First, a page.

Virus patients should voluntarily release their names [March 9]. All coronavirus patients who happened to be in multiperson public places during the disease’s incubation period ought to voluntarily allow their names to be released, along with the places and times that they closely interacted with others.

To do otherwise is to selfishly risk the further spread of the contagion.

To be clear, this is not to say that laws protect patient privacy should be violated or changed. The revelation of identity and other information should be voluntary, by the patient, not legally coerced. Still, the interests of public safety and of basic decency should impel (not compel) patients to be fully forthcoming.

Think about it this way: It’s not like catching the virus is a character flaw or something for which someone can be blamed. Nor is it blameworthy to have been in public with it when it remains asymptomatic for so long. Every halfway decent person would direct compassion, not anger, at any coronavirus victim. So why the need for privacy?…

[The full column is at this link.]


College campuses closed too quickly (March 11). Colleges and universities nationwide could be making a big mistake by sending students home from campus because of the coronavirus. They may be making it more likely, not less, that their own students will contract the disease, and also more likely that they will spread it more widely and to populations that are more at risk.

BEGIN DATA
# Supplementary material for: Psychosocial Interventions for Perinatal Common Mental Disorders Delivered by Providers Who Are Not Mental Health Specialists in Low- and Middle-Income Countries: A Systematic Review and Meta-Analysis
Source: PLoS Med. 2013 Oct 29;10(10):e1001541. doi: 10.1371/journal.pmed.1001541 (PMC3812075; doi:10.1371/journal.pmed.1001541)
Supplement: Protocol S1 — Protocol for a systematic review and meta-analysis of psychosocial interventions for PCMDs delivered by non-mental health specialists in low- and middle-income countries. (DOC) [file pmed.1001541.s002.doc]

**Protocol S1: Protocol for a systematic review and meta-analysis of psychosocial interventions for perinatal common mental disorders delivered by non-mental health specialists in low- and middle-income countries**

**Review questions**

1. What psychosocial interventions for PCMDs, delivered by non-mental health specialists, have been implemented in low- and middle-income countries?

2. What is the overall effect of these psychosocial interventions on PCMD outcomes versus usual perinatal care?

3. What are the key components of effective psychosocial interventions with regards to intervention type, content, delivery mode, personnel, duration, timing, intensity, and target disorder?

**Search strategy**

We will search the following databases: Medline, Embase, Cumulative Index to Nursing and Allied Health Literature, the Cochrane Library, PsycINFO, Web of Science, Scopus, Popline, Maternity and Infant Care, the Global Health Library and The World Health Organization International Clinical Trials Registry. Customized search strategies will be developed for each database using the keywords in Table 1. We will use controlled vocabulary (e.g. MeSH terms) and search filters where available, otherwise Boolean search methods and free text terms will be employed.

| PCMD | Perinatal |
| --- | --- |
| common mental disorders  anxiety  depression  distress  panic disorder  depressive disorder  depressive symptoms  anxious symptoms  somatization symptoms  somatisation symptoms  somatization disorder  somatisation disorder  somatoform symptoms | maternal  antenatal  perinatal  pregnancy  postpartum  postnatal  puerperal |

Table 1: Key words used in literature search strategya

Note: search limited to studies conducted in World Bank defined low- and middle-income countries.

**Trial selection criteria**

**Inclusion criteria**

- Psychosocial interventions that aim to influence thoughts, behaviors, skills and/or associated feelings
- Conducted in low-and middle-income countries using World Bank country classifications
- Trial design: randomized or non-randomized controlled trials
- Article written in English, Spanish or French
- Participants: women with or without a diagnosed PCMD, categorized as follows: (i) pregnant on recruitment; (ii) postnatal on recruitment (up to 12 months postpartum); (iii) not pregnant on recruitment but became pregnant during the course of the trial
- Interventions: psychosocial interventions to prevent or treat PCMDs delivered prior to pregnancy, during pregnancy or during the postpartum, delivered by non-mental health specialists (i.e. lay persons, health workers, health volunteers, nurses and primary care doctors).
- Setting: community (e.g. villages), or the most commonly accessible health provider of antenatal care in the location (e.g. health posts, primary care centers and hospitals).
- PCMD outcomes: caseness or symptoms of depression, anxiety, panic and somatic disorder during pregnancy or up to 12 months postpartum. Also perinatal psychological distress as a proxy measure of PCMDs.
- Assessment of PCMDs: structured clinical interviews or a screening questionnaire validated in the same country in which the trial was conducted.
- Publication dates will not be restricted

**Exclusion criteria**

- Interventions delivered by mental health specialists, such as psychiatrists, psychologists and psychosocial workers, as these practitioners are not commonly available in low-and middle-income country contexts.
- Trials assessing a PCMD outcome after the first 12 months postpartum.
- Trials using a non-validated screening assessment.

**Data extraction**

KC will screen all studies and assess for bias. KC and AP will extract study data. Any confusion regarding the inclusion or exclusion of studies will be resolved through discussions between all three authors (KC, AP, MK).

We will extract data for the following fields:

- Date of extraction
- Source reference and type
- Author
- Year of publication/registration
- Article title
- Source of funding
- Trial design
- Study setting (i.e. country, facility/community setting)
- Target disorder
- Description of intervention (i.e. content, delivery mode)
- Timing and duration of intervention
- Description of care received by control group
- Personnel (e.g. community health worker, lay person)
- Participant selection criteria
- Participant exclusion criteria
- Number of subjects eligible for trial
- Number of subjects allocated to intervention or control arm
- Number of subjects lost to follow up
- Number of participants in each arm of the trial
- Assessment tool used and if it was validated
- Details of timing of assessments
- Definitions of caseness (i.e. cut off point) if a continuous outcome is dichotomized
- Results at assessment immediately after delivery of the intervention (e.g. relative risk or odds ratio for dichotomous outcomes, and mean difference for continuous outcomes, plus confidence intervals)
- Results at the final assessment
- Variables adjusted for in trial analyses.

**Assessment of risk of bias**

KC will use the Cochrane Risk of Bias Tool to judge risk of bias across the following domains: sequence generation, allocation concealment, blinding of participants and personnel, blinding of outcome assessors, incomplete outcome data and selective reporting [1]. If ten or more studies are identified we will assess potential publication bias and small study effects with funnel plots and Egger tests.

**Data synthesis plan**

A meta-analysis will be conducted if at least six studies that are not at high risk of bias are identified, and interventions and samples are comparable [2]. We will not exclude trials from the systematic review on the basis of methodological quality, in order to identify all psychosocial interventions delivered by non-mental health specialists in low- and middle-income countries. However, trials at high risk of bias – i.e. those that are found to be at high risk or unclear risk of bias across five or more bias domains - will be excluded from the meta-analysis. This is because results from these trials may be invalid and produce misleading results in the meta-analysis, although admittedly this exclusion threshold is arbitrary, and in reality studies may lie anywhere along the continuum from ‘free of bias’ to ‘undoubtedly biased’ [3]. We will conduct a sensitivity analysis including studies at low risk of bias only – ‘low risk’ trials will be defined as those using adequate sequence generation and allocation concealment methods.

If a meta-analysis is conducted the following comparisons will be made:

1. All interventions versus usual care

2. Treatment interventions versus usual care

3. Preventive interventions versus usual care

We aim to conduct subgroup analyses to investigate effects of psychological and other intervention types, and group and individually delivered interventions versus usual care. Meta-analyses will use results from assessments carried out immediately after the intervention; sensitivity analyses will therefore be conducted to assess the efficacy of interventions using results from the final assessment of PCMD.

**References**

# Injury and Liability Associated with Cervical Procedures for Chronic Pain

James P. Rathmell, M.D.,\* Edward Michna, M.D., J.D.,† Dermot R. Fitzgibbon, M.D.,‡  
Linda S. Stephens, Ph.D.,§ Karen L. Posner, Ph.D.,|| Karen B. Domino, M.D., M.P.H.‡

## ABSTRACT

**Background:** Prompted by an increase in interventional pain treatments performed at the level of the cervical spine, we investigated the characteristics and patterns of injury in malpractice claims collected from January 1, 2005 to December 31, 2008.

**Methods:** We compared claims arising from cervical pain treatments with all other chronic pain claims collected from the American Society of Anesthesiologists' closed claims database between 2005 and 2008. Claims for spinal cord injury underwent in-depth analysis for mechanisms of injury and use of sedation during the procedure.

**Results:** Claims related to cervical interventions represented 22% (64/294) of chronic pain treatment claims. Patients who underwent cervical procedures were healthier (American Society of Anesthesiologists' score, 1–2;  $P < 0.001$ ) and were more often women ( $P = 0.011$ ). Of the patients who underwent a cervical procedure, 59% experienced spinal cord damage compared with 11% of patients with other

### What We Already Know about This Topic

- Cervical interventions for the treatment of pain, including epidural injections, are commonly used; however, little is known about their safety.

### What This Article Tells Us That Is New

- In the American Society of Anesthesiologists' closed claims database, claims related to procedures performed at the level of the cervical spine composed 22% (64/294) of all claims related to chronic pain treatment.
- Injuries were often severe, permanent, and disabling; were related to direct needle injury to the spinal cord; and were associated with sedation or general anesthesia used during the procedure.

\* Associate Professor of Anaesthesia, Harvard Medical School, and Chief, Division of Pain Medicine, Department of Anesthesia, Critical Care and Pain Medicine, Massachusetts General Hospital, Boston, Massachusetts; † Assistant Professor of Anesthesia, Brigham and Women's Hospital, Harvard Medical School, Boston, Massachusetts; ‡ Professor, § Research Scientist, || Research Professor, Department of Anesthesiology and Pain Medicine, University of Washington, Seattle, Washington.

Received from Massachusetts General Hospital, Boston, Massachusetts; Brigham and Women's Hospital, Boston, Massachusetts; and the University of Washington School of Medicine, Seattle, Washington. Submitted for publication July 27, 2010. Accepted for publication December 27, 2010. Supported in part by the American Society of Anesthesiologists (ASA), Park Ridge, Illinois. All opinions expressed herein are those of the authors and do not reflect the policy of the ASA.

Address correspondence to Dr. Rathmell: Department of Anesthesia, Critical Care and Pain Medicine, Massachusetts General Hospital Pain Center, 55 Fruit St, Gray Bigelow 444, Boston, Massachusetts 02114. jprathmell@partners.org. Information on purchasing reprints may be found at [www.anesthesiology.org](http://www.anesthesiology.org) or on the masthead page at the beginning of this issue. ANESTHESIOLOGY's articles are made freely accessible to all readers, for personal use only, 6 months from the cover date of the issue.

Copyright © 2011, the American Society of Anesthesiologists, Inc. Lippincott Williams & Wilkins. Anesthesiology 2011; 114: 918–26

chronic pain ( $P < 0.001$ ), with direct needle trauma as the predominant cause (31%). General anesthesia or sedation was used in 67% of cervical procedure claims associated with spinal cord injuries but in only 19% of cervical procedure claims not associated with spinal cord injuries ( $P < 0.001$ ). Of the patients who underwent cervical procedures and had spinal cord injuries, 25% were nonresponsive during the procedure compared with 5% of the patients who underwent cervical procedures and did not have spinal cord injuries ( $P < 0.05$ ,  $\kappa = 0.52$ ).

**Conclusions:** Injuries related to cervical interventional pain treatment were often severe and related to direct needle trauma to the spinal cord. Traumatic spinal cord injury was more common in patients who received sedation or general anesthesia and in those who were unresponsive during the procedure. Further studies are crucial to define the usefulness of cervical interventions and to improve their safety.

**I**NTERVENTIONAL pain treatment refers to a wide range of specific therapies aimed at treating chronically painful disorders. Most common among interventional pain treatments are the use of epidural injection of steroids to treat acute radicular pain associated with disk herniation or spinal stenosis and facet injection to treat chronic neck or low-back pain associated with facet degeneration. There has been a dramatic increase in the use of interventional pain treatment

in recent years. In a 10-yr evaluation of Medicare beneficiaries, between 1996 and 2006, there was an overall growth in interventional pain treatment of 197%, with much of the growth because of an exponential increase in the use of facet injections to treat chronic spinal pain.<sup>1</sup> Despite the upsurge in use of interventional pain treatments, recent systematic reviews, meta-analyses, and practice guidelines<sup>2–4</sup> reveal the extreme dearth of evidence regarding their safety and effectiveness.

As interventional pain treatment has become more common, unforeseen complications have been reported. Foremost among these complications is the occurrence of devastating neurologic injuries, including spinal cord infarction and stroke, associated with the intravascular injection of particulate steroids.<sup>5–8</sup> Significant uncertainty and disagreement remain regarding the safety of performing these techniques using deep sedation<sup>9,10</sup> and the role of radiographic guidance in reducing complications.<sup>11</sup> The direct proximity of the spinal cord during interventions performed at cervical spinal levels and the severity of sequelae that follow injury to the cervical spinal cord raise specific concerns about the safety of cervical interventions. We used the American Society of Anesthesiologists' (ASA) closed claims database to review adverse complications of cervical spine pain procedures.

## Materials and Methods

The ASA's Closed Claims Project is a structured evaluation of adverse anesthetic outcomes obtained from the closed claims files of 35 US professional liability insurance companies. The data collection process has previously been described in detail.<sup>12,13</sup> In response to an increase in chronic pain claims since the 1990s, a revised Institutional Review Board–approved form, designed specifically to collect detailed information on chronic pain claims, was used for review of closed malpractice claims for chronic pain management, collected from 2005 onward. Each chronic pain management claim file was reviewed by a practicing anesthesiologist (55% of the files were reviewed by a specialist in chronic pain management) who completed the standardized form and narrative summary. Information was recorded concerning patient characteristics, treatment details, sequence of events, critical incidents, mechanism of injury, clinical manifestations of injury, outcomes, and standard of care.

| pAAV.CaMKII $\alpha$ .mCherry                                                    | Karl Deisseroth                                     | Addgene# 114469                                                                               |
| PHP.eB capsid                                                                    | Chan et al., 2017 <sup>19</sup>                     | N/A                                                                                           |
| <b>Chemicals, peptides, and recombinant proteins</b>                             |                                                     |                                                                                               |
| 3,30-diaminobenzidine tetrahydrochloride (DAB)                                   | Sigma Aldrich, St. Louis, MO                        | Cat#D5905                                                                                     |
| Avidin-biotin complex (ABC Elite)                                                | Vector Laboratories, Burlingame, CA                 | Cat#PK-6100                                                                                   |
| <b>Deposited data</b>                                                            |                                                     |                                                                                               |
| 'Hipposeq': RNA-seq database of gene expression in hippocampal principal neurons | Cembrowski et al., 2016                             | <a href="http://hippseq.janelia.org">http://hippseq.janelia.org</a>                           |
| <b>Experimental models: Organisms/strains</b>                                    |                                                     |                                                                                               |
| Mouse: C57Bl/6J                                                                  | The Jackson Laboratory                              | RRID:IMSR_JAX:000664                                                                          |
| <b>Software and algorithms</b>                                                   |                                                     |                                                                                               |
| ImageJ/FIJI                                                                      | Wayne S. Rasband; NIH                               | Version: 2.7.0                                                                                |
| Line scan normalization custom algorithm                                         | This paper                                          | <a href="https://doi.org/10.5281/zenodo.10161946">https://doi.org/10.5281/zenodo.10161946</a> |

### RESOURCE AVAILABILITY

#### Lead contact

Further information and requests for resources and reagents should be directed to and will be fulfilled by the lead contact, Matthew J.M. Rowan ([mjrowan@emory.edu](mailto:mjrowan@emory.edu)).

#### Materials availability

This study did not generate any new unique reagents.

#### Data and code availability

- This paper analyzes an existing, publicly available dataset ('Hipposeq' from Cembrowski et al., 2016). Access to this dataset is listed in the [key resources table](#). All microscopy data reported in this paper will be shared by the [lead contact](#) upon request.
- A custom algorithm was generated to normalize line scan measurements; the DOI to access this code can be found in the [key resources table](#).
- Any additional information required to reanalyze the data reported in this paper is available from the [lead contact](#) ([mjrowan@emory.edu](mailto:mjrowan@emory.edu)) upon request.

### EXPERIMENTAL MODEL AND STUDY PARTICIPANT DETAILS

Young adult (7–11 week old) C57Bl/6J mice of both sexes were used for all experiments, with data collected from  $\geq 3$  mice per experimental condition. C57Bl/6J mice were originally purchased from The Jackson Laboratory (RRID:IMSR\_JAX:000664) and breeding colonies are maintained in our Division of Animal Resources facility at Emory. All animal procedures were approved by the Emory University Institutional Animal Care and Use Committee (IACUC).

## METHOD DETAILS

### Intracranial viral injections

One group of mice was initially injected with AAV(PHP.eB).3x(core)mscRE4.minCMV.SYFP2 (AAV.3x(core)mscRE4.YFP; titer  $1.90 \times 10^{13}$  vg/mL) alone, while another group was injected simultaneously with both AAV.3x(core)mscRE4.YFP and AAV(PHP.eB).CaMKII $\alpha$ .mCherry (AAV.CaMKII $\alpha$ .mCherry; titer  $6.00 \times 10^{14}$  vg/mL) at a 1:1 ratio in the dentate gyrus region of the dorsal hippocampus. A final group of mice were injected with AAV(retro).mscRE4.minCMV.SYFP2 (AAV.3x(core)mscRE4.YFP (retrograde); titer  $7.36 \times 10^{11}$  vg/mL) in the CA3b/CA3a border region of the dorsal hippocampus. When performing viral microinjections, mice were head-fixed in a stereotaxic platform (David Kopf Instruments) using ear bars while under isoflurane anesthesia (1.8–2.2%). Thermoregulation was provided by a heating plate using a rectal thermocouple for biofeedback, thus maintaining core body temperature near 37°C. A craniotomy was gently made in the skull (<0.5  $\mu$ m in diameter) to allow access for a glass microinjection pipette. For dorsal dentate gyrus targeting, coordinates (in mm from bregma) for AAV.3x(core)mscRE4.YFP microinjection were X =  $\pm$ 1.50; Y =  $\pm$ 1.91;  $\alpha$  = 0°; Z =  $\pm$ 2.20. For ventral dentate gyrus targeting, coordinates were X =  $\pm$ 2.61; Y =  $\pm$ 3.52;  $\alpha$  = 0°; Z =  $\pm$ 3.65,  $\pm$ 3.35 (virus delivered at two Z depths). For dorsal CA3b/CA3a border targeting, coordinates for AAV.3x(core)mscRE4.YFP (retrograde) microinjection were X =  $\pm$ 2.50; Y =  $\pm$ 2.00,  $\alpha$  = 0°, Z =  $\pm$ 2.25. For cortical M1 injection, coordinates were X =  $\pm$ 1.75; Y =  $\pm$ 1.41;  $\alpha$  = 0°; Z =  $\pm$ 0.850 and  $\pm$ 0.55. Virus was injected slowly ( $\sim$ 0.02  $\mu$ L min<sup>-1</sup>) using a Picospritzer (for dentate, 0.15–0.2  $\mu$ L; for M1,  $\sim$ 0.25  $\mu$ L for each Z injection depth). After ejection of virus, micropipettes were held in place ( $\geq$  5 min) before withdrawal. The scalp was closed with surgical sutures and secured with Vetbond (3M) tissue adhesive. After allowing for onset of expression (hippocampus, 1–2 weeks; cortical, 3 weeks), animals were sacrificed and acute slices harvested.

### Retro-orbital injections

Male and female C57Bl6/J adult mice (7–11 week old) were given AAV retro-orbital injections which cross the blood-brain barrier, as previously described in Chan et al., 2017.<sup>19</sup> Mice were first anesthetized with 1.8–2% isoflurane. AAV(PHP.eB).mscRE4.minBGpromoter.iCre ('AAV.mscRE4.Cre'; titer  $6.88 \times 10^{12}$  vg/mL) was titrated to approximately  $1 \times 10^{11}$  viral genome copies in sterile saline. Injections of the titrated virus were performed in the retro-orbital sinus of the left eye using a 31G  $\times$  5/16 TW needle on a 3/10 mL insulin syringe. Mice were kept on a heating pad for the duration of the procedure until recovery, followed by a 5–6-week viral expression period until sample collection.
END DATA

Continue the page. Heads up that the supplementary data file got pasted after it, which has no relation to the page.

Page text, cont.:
College campuses tend to be semi-closed environments, and they are filled with people who are at an age when they are generally more robust than the general population. College students, of course, don’t spend all of their time on campus, but except for at “commuter colleges,” their lives generally revolve around campus in ways that keep them semi-segregated most of the time.

As such, students are generally less likely to interact with broader populations coming from a wider variety of “walks of life” if campuses remain open than if students are all sent back to their hometowns. They are at least equally likely to contract the virus in their hometowns as they are on campus, if not more. While an outbreak can occur anywhere, the likelihood of affliction is greater the more diverse a population one encounters….

[Please note that the situation was different for colleges whose students already were on spring break. Then it may indeed have made far more sense for the colleges to tell students not to return once they were away already. Also, the considerations in this column apply only to the ramifications for public health. College administrators are indeed caught in a bind due to other issues, such as legal liability, that are not addressed herein. The full column is here.]


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